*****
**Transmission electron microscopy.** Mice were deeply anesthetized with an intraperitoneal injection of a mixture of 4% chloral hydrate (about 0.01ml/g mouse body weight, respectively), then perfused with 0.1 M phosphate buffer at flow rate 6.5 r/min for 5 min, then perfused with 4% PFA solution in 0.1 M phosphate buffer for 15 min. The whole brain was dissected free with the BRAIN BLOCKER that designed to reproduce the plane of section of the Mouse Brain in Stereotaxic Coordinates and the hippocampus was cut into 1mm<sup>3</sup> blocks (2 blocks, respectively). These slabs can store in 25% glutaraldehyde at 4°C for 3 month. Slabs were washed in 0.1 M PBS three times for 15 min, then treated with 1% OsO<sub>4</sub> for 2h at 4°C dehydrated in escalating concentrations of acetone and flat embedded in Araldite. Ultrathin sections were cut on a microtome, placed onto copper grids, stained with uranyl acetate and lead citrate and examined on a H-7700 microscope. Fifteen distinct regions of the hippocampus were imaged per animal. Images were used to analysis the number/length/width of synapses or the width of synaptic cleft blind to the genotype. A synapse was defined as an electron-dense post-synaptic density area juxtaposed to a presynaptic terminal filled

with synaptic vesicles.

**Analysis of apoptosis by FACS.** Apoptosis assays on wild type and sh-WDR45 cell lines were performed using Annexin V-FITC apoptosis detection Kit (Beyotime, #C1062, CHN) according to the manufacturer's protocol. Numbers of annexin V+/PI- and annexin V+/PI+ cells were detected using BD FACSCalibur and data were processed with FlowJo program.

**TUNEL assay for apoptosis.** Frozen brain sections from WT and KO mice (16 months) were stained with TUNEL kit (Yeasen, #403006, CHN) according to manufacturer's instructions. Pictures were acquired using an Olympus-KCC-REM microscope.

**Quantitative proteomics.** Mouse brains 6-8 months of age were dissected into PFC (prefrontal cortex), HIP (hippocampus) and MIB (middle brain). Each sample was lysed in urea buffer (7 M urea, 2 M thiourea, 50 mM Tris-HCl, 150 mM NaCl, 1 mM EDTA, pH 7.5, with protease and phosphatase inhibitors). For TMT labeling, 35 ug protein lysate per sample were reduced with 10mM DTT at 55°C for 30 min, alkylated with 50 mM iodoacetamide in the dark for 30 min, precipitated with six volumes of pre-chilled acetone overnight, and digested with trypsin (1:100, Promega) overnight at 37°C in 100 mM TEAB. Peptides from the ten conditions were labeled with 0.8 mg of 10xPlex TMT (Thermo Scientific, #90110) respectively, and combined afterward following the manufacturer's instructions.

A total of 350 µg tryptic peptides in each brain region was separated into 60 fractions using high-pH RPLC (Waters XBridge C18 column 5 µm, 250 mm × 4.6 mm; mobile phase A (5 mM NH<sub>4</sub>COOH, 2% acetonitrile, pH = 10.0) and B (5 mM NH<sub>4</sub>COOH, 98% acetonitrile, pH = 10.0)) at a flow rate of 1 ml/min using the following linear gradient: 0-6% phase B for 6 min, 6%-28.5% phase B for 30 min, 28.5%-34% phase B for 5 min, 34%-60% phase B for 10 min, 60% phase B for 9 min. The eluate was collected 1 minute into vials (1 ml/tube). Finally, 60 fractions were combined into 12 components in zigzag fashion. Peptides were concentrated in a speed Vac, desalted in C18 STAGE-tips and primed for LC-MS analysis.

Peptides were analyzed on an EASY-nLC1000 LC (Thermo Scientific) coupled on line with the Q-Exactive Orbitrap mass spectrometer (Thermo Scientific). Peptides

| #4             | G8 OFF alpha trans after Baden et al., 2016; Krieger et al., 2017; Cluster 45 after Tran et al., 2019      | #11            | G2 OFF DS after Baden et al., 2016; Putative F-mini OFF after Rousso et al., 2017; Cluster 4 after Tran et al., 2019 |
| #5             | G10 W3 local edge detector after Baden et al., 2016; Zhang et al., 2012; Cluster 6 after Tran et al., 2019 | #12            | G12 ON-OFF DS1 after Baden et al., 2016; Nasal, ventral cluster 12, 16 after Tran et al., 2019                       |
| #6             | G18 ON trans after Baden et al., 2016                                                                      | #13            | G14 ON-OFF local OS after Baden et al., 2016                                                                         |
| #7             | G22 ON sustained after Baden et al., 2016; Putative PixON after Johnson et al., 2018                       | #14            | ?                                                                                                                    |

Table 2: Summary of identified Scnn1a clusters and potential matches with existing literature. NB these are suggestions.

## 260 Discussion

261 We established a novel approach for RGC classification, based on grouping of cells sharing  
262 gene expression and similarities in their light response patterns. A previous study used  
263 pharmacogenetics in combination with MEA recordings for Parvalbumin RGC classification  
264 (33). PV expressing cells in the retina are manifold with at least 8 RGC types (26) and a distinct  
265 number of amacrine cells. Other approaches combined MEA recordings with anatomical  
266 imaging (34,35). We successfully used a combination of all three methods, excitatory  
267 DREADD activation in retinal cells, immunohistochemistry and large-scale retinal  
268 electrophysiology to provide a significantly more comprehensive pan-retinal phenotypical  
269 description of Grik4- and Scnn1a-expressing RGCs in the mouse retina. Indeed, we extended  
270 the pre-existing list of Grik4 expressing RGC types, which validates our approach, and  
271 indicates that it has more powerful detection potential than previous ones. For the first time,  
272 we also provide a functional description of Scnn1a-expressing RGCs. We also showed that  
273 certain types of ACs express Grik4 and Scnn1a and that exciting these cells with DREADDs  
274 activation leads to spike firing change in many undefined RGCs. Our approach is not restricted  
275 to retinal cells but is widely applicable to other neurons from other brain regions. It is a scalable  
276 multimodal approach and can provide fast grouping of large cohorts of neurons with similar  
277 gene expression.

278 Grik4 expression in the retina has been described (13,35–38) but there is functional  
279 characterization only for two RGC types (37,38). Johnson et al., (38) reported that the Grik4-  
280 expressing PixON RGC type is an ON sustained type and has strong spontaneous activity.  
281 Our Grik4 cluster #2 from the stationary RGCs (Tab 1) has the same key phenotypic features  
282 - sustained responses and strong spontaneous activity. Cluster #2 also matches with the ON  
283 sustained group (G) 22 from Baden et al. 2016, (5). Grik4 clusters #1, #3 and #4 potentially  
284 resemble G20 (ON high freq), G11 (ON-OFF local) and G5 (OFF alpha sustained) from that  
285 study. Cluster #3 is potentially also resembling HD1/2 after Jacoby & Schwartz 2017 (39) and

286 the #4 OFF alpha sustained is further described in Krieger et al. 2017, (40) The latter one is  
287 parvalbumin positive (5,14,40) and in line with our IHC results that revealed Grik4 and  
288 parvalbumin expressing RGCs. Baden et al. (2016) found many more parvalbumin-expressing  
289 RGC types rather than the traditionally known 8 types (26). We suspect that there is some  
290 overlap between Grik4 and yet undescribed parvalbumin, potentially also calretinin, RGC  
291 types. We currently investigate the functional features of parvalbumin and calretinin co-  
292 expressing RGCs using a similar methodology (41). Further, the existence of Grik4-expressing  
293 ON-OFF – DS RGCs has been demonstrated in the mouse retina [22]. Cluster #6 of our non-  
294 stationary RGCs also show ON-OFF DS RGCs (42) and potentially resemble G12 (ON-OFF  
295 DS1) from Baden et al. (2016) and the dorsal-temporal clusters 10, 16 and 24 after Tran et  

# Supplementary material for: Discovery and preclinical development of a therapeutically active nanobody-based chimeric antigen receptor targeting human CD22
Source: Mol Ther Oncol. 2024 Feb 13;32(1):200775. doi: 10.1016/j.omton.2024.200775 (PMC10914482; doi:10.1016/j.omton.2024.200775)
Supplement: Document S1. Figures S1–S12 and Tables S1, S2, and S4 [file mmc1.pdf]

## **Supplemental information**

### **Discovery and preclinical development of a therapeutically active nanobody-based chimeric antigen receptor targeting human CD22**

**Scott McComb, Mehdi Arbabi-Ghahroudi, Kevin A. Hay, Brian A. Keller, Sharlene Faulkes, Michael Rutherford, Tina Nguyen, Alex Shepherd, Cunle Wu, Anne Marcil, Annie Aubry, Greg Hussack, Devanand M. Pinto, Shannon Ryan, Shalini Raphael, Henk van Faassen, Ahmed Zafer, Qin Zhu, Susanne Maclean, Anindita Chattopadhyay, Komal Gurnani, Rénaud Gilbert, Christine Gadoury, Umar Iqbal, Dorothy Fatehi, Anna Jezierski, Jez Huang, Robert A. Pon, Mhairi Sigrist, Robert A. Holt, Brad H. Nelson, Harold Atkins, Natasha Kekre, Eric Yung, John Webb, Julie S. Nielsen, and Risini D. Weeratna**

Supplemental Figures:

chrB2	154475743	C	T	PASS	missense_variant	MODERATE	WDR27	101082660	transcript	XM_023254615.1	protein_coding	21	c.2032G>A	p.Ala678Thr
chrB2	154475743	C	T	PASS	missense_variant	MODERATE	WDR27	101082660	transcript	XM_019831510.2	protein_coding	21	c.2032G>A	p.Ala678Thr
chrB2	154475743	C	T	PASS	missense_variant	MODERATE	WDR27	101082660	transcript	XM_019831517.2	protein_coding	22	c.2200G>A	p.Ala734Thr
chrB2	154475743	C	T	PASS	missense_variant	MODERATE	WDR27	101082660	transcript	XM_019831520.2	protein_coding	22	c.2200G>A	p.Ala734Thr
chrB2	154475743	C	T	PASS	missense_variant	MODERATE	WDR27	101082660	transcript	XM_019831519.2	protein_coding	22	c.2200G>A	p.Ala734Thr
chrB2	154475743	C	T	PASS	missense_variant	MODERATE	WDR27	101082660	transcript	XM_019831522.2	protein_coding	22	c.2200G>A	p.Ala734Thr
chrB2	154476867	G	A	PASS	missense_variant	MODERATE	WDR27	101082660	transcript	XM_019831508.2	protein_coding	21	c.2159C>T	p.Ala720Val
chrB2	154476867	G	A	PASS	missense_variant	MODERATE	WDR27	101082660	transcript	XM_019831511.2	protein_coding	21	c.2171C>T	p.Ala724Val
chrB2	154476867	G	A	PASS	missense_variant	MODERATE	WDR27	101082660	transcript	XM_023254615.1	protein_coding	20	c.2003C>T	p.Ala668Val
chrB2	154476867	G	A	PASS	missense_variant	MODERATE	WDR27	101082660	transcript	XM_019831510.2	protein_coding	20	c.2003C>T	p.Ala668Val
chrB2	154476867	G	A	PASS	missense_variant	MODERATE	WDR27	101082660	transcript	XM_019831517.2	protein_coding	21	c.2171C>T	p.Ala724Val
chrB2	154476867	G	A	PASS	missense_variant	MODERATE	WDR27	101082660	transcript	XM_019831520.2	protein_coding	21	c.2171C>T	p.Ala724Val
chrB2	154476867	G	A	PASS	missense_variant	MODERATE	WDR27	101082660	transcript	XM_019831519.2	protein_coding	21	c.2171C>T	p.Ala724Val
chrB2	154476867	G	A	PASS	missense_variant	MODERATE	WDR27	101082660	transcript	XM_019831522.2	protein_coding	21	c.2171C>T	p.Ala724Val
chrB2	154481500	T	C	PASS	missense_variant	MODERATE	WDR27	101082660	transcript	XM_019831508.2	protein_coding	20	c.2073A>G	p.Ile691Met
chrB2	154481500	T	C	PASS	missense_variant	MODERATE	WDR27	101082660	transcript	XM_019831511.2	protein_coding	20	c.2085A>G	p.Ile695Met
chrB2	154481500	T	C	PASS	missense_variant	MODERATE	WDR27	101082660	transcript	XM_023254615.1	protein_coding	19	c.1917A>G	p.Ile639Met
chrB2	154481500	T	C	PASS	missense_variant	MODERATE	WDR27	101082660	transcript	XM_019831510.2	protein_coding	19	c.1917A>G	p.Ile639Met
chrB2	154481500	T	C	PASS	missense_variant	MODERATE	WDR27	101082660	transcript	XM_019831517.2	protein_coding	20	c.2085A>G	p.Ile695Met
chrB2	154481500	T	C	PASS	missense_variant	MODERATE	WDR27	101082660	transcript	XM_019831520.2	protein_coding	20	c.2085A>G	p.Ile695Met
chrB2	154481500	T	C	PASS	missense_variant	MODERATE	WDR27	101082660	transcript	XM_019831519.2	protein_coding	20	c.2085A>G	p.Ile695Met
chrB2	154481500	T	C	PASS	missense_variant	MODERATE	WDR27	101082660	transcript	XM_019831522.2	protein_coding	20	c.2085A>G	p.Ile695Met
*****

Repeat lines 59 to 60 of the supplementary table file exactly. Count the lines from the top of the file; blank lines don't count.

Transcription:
chrB2	154475743	C	T	PASS	missense_variant	MODERATE	WDR27	101082660	transcript	XM_019831520.2	protein_coding	22	c.2200G>A	p.Ala734Thr
chrB2	154475743	C	T	PASS	missense_variant	MODERATE	WDR27	101082660	transcript	XM_019831519.2	protein_coding	22	c.2200G>A	p.Ala734Thr